“The math is pretty obvious, pretty compelling, but there are risks,” St. Juste said in an interview. “This hasn’t been done before on a broad scale.”
It’s more costly to build and maintain large, customized spaces that require extensive updates such as commercial kitchens, according to St. Juste. Landlords’ capital expenditures — including repairs, remodeling and leasing costs — are rising relative to the income being generated by retail properties.
read more: Bloomberg
Fed Divided on When to Unwind Balance Sheet
A divided Federal Reserve policy committee couldn’t reach an agreement in June on the timing of when to begin shrinking its massive balance sheet, according to minutes of the meeting.
“Several preferred to announce a start to the process within a couple of months,” the minutes of the June 13-14 meeting showed. “Some others emphasized that deferring the decision until later in the year would permit additional time to assess the outlook for economic activity and inflation.”
U.S. central bankers in June raised the benchmark lending rate for a second time this year to a range of 1 percent to 1.25 percent, while describing monetary policy as “accommodative” in their statement. They reiterated their support for continued gradual rate increases, according to the minutes.
Fed officials updated their balance-sheet policy in the gathering, laying out a path of gradual reductions with caps. The central bank wants to start winding down the $4.5 trillion bond portfolio without roiling longer-term interest rates, while gradually raising the policy rate. The minutes indicated that the committee wants to begin the balance-sheet process this year.
read more: Bloomberg
Will the Bank of England’s 10-year Hiatus on Rate Hikes End Soon?
It’s been over 10 years since the Bank of England last raised interest rates, but traders should think twice about remaining complacent about the ultra-loose policy stance.
Chatter that the central bank is getting ready to raise borrowing costs sooner than later has picked up markedly over the past two weeks, with some saying it could happen as early as November.
The increased speculation comes after a raft of policy makers themselves have hinted its time for interest rates to be hiked from the current record low of 0.25%.
“Despite elevated political and economic uncertainty, the Bank of England seems to be heading for a first rate hike soon. Domestic inflationary pressures are building,” wrote Kallum Pickering, senior U.K. economist at Berenberg, in a Wednesday note. Inflation rose to 2.9% in May, the highest level since June 2013.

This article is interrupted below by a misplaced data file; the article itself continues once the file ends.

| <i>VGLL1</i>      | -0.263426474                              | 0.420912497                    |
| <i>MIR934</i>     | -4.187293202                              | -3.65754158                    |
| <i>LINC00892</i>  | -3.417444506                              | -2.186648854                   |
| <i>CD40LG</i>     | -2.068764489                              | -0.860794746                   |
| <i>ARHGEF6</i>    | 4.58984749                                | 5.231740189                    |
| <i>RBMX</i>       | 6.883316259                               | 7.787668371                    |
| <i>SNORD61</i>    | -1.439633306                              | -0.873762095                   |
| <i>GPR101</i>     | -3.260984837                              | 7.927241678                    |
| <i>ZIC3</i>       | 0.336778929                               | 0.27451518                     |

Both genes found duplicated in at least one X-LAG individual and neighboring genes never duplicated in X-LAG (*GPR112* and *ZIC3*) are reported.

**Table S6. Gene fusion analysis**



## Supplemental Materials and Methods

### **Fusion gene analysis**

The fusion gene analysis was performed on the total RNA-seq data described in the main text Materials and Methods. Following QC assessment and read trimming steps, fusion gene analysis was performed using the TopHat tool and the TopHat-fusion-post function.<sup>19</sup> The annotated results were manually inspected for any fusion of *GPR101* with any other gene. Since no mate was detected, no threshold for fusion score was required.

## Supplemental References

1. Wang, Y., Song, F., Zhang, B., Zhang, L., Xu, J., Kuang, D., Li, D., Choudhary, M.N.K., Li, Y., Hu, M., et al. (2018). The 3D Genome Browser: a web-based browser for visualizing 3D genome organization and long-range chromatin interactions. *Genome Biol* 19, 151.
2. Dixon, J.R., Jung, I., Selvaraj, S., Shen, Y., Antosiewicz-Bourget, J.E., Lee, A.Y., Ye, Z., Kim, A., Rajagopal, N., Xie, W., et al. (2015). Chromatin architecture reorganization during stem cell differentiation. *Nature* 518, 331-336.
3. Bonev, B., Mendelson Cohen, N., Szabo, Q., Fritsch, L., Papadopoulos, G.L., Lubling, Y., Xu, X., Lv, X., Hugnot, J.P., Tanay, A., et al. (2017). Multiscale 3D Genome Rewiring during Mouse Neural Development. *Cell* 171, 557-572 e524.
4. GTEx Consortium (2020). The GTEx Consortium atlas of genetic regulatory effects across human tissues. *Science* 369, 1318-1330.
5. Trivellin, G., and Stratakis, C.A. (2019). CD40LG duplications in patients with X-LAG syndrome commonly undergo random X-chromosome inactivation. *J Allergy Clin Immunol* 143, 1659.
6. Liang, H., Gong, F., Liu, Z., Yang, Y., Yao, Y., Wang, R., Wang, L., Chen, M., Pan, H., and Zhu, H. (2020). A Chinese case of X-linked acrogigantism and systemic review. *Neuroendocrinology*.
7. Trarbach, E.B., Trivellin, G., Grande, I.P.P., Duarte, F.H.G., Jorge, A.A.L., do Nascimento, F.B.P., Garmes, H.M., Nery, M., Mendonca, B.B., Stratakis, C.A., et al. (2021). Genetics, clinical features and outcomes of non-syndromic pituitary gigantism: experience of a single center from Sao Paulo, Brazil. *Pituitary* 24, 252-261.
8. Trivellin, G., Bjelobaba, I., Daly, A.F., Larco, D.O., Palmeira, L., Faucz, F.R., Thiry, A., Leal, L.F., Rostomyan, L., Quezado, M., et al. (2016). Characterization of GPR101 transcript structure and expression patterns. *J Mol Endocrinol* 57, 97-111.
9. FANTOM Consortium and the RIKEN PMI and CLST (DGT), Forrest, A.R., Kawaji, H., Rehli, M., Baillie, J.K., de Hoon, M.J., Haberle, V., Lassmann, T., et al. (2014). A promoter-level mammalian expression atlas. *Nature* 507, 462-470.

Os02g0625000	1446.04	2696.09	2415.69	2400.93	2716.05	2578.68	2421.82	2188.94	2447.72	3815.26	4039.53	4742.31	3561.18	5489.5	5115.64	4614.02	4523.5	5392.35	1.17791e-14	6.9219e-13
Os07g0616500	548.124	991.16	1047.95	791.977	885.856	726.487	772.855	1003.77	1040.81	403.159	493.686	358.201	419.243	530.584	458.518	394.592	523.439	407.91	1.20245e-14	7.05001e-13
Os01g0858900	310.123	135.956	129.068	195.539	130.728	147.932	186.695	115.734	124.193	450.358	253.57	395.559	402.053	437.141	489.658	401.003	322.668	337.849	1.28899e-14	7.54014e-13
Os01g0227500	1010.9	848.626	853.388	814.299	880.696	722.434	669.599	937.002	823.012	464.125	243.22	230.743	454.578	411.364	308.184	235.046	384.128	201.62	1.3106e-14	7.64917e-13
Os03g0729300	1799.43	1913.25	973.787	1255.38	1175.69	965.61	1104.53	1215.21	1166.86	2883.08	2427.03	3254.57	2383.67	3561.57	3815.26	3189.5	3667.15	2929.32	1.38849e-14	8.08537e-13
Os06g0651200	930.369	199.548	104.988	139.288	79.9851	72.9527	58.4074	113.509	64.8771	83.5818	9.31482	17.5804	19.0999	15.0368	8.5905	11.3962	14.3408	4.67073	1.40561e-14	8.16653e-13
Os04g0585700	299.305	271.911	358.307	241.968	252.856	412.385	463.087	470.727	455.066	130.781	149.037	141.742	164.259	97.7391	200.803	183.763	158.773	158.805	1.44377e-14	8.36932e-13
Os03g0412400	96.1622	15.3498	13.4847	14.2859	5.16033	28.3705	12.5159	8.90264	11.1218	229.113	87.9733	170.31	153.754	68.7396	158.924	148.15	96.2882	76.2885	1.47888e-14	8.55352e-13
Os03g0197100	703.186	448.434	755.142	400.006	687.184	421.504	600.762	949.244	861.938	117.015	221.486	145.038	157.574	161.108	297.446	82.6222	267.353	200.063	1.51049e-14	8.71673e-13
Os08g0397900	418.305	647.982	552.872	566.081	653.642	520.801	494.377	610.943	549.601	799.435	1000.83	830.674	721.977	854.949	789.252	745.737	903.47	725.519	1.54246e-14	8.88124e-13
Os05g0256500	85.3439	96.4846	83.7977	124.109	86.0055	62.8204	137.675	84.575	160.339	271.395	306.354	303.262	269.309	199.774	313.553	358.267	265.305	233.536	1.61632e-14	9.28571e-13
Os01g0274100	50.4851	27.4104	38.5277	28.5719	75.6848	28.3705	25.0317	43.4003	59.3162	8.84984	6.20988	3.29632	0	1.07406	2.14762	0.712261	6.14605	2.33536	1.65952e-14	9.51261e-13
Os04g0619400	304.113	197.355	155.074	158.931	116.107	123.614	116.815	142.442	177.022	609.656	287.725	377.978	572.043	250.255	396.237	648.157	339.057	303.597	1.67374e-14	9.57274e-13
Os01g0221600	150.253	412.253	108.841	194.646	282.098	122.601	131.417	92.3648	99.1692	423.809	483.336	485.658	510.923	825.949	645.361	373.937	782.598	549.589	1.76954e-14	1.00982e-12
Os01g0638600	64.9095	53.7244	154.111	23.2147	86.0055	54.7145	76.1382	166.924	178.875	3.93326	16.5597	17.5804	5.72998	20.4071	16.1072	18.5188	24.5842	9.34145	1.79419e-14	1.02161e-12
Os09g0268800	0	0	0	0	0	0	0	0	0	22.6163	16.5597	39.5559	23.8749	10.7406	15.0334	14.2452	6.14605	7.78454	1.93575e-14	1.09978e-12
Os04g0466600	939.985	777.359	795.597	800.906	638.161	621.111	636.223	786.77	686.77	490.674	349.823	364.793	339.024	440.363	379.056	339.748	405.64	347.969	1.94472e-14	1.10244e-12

BOE policy maker Michael Saunders told the Guardian newspaper that “households should prepare for interest rates to go higher at some point.”
That echoed sentiment sounded late last month by BOE Chief Economist Andrew Haldane, while central bank Gov. Mark Carney’s suggestion last week that he could support an upward move for rates pushed the pound up by more than 1% to a then three-week high above $1.29.
The Bank of England’s Monetary Policy Committee, including Carney, whose been the bank boss since 2013, voted in mid-June to leave policy unchanged. But the market received somewhat of a shock to see that three out of eight policy makers wanted to raise the rate at that meeting. One dissenter was expected, at most.
Policy makers who’ve indicated they’re leaning toward a rate hike also predicated such a move on improving economic fundamentals. But dovish members are concerned the British economy isn’t quite ready for higher rates.
read more: MarketWatch
Two-Thirds of Jobs in this City Could be Automated by 2035
We are walking down the strip in Las Vegas in the year 2035.
The lights are glaringly flashing, music is pounding your ears, the usual nine Elvis look-alikes try to pose with you for a few dollars. A few robots are crisscrossing between the legs of passersby, offering ticket services, information and to be their guide. Self-driving vehicles bring gamblers from casino to casino. A robot group performs a break dance, and you can compete against Robo-MJ in basketball.
Vegas is still Vegas, so nothing has really changed. Or has it?
Maybe it won’t be visible to the eye, but robots may have taken the place where people currently toil to keep the Vegas machine humming. About 65% of all jobs in Vegas are susceptible to automation by 2035 — a bigger share than in any other part of the country. Across the U.S., 55% (or more) of jobs in almost all metropolitan areas face this same scenario.
Scientists are heatedly debating whether robots and artificial intelligence (AI) will appear as colossally in our lives as some studies predict. Will we really see mass adoption of robots and AI gadgets?
The reality is both technologies already have seen mass adoption and it is foolish not to expect it to accelerate. Every smartphone already is essentially an AI device, and 1.5 billion of those were shipped in 2016. Some 1.6 million industrial robots operated worldwide in 2015, a total that’s expected to increase to 2.6 million by 2019.
Research shows that if all these 1 million additional robots worldwide are merely as productive as those that already exist, each robot would on average replace the work done by 5.7 U.S. workers, or 5.7 million workers in all.
read more: MarketWatch
Have a prosperous day and week ahead; beware the robots.